Quebec Studies

Editor's Note

Quebec Studies (2001), 32, (1), 1–2.

Abstract

1 Editor's Note Thanks to Greenpeace, "Think globally, act locally" has become a political catchphrase. And indeed, one of the most important results of recent think­ ing about the globalization of trade is a new focus on the activities of polit­ ical units below the level of the nation-state: regional units, such as those in Europe, and cities as well. In Quebec, as in the rest of Canada, the old ar­ rangement whereby the powers of cities are largely determined by the provincial government, and indeed in which their very existence is subject to provincial legislation, as seen in the recent wave of amalgamations in Quebec, questions are being raised about the degree of autonomy urban governments need, not only to raise necessary revenues, but to respond to ever-shifting trade arrangements by fostering critical clusters of innovative industrial and research firms. In our lead article this issue, Peter Karl Kresl offers an insightful analysis of the Quebec City area and its competitive potential in this context, along with some comparisons with the more famil­ iar situation of Montreal. Of course, the language in which one thinks globally remains a matter of compelling concern for all non-English speaking countries, and in the de­ velopment of La Francophonie as an international institution, cultural matters cannot be divorced from economic ones, as the impassioned debates about "cultural diversity" and "cultural exceptions" from homogenizing free-trade laws make very clear. But what can organizations based on cultural or lin­ guistic history hope to accomplish? Jody Neathery-Castro and Mark O. Rousseau survey the background, current situation, and future prospects of the Orga?iisation Internationale de la Francophonie, and address some of the uncertainty and skepticism surrounding a group whose membership is itself divided between more and less-developed countries, including some where French is the language only of a small minority. At the same time, this is an organization in which Quebec can exercise useful influence, and which in turn helps support the future of francophone influence within Canada itself. Our section on literary and cultural studies includes a searching article by Paula Gilbert on the phenomenon of women's violence as it is mediated in the fictional discourse of Suzanne Jacob as well as in the legal discourses of statute and case law. She shows the difficulties and the hesita­ tions of both kinds of language in their attempts to come to grips with one of the most culturally-threatening of crimes: that of a mother against her child. On a very different topic, Yan Hamel's analysis of Mordecai Richler's final novel, Barney's Version, within the framework of québécois literature, has equally far-reaching implications in its implicit questioning of the dis­ courses of Quebec—and Canadian—literatures as "national" constructs. Hamel's article also serves as a transition to our special dossier on the rewriting of literary history. Whether or not it arose as a reaction to the abstraction of some post-structuralist forms of criticism, it is certainly the case that one of the most productive trends in research today is a reconsid­ eration of what literary history can or should mean in an age when, as post­ modern theorists have taught us, the "grand narratives" no longer apply. In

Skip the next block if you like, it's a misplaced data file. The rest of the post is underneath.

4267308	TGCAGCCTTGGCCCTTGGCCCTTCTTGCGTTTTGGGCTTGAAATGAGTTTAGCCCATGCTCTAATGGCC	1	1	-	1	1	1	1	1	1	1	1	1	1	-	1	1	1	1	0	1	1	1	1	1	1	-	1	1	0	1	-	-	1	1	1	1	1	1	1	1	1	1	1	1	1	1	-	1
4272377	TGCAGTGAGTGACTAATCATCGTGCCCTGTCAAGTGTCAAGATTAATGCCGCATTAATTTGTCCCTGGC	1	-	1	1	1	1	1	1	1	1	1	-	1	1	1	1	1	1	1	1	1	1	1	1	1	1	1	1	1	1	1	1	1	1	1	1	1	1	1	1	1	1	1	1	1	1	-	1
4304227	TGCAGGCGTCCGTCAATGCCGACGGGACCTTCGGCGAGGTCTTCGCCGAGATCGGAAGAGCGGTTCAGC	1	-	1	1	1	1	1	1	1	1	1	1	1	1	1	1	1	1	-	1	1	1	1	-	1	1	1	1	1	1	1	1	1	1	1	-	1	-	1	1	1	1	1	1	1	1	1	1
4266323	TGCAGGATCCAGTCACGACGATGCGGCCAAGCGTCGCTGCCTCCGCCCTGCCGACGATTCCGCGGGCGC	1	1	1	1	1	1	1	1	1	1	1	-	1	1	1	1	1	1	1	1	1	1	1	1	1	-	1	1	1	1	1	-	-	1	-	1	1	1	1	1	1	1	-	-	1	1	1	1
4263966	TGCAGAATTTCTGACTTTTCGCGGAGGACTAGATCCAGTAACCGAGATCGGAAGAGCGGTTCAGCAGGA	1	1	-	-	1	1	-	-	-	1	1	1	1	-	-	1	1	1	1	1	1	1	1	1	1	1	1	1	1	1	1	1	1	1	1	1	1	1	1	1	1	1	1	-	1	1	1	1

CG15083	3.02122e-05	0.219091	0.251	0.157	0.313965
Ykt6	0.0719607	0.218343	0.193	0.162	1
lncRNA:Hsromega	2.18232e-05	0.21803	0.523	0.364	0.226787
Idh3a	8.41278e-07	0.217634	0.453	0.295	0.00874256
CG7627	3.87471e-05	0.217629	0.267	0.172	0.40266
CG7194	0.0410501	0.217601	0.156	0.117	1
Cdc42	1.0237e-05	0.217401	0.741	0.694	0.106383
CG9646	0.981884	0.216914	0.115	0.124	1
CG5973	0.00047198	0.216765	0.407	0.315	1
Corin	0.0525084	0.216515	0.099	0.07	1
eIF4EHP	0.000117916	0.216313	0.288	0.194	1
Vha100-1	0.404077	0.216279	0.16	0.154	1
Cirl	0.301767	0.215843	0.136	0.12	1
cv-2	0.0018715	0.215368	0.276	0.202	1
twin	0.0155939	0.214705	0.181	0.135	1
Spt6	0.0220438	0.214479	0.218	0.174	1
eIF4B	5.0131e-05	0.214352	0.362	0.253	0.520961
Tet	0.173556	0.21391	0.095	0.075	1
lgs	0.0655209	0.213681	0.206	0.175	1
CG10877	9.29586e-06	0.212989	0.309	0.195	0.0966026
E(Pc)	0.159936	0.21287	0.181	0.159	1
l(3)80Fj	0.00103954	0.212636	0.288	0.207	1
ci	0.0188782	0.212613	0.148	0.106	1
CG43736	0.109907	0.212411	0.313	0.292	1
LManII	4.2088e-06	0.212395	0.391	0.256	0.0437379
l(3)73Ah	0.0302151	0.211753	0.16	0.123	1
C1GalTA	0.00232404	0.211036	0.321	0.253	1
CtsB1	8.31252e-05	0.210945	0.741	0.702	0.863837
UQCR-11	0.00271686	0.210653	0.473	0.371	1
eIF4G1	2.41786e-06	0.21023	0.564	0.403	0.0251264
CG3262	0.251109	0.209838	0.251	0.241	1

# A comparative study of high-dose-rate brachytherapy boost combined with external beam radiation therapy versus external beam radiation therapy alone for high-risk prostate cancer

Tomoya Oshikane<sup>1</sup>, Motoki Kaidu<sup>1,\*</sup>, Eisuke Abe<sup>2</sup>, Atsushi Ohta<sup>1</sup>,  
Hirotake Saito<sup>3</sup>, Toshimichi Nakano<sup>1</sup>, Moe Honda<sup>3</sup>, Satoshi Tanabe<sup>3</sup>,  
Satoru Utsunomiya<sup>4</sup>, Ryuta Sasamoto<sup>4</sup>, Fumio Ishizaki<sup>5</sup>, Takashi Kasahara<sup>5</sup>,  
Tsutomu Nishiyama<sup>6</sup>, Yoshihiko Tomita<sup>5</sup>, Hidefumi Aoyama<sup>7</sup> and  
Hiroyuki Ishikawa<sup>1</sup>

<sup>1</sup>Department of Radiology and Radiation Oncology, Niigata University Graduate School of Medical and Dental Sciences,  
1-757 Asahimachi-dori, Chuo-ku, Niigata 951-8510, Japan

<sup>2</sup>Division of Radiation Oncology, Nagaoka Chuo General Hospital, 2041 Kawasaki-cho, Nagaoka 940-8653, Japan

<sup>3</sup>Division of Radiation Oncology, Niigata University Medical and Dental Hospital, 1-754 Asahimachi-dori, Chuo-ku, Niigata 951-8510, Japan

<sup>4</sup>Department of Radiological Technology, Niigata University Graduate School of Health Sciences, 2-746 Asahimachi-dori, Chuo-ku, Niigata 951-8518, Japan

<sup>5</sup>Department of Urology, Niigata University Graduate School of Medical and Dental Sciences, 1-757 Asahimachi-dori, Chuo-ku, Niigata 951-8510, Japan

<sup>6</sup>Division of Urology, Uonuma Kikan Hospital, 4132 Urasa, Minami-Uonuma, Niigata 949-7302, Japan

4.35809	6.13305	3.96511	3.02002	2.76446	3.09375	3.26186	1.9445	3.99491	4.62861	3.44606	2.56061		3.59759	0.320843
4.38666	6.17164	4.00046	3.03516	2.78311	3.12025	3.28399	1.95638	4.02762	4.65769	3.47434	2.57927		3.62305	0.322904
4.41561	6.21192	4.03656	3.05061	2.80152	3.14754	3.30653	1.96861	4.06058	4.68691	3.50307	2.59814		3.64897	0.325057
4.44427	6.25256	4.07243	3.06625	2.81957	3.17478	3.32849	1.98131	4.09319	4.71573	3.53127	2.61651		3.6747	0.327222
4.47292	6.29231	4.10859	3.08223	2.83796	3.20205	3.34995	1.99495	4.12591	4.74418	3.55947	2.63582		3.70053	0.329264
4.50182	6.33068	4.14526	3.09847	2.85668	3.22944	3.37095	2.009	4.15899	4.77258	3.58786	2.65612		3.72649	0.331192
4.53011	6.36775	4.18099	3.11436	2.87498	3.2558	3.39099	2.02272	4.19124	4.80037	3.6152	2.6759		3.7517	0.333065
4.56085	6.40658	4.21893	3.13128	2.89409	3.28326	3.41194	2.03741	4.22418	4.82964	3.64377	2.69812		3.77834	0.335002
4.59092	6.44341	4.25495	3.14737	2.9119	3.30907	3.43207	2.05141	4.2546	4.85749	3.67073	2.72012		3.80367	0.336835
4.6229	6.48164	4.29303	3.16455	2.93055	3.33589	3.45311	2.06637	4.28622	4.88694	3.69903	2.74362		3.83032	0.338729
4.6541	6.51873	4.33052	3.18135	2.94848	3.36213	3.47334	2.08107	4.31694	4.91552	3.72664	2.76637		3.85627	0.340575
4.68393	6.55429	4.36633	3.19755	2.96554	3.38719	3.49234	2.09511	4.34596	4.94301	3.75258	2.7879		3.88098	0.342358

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Coleman, Patrick